Mastering is the final stage in the music production process and plays a critical role in preparing a track for distribution and playback on a variety of systems. The goal of mastering is to ensure that the song sounds the best it can on all playback systems, from small phone speakers to large festival sound systems, and across all streaming platforms. It’s an art and a science, requiring both a deep understanding of audio principles and a fine-tuned musical ear. Here’s a detailed breakdown:

1. Level Balancing: The mastering engineer starts by adjusting the overall volume, or loudness, of the track. The goal is to reach a level that’s comparable to other commercial releases, while still maintaining the dynamic range (the difference between the quietest and loudest parts of the song). This is typically done using tools like a limiter, which can increase the volume of the track without causing distortion or clipping.

2. Equalization: During the mastering stage, subtle adjustments to the song’s EQ might be made to balance the overall frequency content. This could involve reducing or boosting certain frequencies to ensure the track sounds balanced across the entire frequency spectrum. The adjustments at this stage are usually quite subtle and are aimed at enhancing the mix rather than radically changing it.

3. Compression: Compression might be used during mastering to further control the dynamics of the track. A mastering engineer might apply a gentle compression to the whole track to “glue” the mix together and give it a more cohesive sound. They might also use a multi-band compressor, which allows different frequency ranges to be compressed separately.

4. Stereo Imaging: The mastering engineer might also adjust the stereo image of the track, which refers to how the elements of the mix are spread across the stereo field. This could involve making the low frequencies more mono for better translation on smaller speakers, or widening the high frequencies to create a sense of space and depth.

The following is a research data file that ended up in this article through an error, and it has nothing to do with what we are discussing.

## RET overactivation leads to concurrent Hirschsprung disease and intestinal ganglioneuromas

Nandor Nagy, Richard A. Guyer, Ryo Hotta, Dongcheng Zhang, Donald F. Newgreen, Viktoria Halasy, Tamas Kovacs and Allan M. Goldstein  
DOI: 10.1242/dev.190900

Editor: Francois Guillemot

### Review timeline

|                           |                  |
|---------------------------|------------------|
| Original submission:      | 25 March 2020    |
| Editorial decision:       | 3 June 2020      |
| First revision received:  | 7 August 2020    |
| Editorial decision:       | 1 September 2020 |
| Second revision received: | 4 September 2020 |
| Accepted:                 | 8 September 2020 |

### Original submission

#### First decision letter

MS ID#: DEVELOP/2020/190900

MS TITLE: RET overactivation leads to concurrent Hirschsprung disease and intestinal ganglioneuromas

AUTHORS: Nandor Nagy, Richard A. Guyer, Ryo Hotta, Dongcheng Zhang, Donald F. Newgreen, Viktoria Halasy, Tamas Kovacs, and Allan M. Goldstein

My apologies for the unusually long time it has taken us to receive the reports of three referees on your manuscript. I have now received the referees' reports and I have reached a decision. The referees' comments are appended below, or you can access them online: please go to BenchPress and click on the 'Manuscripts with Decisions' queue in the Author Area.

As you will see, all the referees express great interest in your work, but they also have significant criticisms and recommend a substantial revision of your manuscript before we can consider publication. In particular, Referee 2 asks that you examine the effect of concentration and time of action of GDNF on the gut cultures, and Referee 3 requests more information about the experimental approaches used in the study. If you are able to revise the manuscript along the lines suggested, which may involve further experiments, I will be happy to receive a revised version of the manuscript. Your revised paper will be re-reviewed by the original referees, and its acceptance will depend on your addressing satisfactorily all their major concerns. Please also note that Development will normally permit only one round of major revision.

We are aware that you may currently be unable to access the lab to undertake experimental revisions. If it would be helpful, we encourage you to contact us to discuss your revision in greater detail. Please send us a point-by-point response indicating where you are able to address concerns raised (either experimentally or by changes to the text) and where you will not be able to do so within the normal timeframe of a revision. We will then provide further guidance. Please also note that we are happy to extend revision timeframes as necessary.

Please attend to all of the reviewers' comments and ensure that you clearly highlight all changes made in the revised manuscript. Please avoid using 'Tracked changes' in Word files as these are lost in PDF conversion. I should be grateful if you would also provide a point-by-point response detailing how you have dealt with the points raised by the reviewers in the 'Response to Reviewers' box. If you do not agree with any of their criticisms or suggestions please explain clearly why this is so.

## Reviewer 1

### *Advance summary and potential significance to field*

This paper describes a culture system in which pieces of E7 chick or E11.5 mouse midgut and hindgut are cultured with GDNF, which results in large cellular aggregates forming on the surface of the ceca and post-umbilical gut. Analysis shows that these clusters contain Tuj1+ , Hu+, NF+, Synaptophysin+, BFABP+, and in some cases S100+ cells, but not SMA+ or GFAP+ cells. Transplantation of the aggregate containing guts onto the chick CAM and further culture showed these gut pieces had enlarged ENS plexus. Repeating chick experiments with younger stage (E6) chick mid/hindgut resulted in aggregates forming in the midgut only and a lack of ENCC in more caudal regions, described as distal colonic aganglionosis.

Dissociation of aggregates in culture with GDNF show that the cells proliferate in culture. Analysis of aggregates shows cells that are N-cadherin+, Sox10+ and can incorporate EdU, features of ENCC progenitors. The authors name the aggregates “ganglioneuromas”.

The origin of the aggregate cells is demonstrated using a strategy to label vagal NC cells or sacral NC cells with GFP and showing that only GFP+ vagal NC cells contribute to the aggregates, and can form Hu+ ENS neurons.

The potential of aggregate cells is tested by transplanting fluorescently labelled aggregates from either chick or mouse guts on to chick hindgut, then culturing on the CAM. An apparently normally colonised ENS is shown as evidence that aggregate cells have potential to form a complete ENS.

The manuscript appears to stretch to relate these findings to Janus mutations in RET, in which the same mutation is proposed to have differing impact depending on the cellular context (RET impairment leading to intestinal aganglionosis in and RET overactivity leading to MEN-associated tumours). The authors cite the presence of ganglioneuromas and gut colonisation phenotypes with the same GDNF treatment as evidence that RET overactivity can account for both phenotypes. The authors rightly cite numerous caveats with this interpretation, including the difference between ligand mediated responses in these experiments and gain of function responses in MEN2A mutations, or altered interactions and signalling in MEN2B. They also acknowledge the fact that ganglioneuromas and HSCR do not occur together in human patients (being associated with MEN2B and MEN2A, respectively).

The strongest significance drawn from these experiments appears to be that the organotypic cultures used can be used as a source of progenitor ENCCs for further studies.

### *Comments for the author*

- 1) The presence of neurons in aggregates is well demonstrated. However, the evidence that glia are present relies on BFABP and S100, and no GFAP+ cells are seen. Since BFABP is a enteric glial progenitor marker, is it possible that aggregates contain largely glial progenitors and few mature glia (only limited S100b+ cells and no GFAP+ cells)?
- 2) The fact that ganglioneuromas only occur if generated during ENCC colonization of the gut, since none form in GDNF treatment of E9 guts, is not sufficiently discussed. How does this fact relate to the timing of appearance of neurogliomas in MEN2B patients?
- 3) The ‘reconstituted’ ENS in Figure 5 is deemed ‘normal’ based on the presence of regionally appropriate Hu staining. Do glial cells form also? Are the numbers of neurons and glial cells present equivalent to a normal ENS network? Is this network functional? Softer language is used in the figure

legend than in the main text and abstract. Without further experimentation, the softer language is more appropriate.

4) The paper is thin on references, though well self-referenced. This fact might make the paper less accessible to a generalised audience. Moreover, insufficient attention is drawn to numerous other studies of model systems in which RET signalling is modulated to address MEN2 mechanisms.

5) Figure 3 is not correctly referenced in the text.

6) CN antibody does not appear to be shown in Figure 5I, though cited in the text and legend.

5. Sequencing and Spacing: If the mastering engineer is working on an album or EP, they’ll also determine the spacing between songs, the order of the tracks, and the overall flow of the project. They’ll make sure that the transition between songs is smooth and that the overall listening experience is coherent.

6. Error Checking and Cleanup: The mastering engineer will listen closely for any issues that might have been missed during the mixing stage. This could include clicks, pops, or other unwanted noises. They’ll also ensure that the starts and ends of the tracks are clean.

7. Format Conversion and Dithering: Finally, the mastered track is converted to the appropriate format for distribution, which could be a CD-quality WAV file, a high-resolution audio file, or a compressed format like MP3. During this stage, a process called dithering may be applied. Dithering is a form of noise used to minimize distortion and other artifacts when converting to a lower bit depth.

8. Metadata Embedding: Depending on the intended distribution platform, the mastering engineer may also embed metadata into the audio file. This can include information like the artist name, song title, album title, and ISRC (International Standard Recording Code), which is used for tracking and royalty purposes.

Overall, mastering is a crucial step in the music production process. It adds the final polish to a track and ensures that it’s ready for distribution and sounds good no matter where or how it’s played. A skilled mastering engineer brings both technical expertise and a fresh pair of ears to the project, often helping to elevate the music to its highest potential.

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